Florida, Wisconsin, and North Carolina are three of 18 states never to split their ticket by voting for a Democratic presidential nominee and a Republican U.S. Senate candidate in the same cycle.
Four current members of the U.S. Senate hold seats once occupied by two former presidents; three future presidents once served alongside each other in the chamber.
Just five U.S. Senators – all Democrats – have issued formal press releases denouncing Trump’s proposal to temporarily ban Muslims from entering the country.
Only three of a dozen Illinois Republicans who were elected or appointed to the U.S. Senate over the last century went on to serve another term in the chamber.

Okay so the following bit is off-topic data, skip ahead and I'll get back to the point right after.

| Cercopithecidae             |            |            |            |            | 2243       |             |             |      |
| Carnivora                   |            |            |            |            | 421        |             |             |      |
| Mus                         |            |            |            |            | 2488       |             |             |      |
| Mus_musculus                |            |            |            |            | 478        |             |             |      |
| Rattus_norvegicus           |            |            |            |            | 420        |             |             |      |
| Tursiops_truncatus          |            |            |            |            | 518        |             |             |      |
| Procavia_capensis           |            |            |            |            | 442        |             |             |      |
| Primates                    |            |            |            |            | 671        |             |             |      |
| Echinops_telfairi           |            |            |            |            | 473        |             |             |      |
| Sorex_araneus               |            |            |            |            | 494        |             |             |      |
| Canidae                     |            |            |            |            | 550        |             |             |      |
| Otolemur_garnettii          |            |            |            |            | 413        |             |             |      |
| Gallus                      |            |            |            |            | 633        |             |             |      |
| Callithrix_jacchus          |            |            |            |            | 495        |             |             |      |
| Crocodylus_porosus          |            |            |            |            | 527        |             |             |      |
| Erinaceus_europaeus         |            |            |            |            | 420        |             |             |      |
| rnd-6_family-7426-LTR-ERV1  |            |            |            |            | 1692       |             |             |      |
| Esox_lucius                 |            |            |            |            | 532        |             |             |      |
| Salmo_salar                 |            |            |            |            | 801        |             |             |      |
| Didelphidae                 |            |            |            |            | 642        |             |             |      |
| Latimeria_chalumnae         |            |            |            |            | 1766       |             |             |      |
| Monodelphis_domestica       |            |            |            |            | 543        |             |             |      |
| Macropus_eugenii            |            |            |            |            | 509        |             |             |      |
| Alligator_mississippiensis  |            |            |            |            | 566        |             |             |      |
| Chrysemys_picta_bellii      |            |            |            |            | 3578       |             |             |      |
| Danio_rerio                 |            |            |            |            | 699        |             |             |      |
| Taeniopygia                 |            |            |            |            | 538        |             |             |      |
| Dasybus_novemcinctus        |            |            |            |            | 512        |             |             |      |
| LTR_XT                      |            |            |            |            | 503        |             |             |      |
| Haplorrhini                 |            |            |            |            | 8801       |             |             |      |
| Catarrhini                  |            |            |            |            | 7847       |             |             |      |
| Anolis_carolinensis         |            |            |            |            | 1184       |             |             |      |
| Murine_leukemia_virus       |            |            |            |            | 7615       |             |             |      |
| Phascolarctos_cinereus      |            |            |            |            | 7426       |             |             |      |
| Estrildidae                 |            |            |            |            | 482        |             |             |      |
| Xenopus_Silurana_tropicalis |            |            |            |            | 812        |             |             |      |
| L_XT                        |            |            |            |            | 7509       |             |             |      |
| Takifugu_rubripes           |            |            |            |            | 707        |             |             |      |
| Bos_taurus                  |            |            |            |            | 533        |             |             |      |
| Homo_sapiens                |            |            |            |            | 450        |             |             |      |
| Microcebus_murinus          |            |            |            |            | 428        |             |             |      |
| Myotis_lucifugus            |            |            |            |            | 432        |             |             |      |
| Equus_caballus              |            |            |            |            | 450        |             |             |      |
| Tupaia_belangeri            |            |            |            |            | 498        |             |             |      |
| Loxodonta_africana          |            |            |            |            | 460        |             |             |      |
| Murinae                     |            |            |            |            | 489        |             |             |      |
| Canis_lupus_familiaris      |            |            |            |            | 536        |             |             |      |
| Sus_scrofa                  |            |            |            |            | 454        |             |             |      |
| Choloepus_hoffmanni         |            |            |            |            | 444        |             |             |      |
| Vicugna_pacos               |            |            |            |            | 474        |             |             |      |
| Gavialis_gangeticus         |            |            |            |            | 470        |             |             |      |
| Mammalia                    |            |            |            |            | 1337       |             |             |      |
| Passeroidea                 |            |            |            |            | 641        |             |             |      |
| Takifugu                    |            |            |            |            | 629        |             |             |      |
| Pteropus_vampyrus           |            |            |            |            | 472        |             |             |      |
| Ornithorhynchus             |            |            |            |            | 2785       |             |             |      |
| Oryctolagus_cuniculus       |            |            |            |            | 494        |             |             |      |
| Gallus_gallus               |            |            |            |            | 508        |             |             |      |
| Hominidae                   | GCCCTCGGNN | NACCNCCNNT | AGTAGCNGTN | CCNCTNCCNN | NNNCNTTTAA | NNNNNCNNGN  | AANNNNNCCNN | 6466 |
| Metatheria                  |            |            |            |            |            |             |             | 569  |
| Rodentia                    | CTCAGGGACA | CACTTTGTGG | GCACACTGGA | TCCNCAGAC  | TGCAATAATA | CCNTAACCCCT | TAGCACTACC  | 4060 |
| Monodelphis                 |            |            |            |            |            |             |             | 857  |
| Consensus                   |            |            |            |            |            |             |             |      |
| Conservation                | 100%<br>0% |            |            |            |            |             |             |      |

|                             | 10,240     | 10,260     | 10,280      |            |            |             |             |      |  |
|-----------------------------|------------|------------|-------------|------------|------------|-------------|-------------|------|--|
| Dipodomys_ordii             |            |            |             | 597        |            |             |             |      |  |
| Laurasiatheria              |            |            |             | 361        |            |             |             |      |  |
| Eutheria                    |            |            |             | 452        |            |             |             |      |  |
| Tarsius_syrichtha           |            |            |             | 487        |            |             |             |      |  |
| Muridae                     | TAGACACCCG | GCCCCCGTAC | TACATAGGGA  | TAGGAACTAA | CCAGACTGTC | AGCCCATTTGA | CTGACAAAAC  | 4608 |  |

16 U.S. Senators serve states in which their party holds a minority of U.S. House seats – 15 are Democrats.
Two Midwestern states have been in accord on their presidential vote choice 96 percent of the time while another pair has voted in concert during just 41 percent of such elections.
Iowa and Ohio have voted in concert with the region overall at a higher rate than any other Midwestern state; Missouri and Minnesota have done so the least.
Several older members of the nation’s lower legislative chamber aren’t convinced they need a functioning campaign website, and it’s hard to argue with a group that just got elected by an average of 61 points.
Nine states (each with primaries) have an unblemished record in voting for the eventual Republican nominee since 1976 – and not all host contests on the back end of the calendar.
More than two-dozen Illinois U.S. Representatives throughout history had family members who previously served in Congress; will Darin LaHood be added to that list in 2015?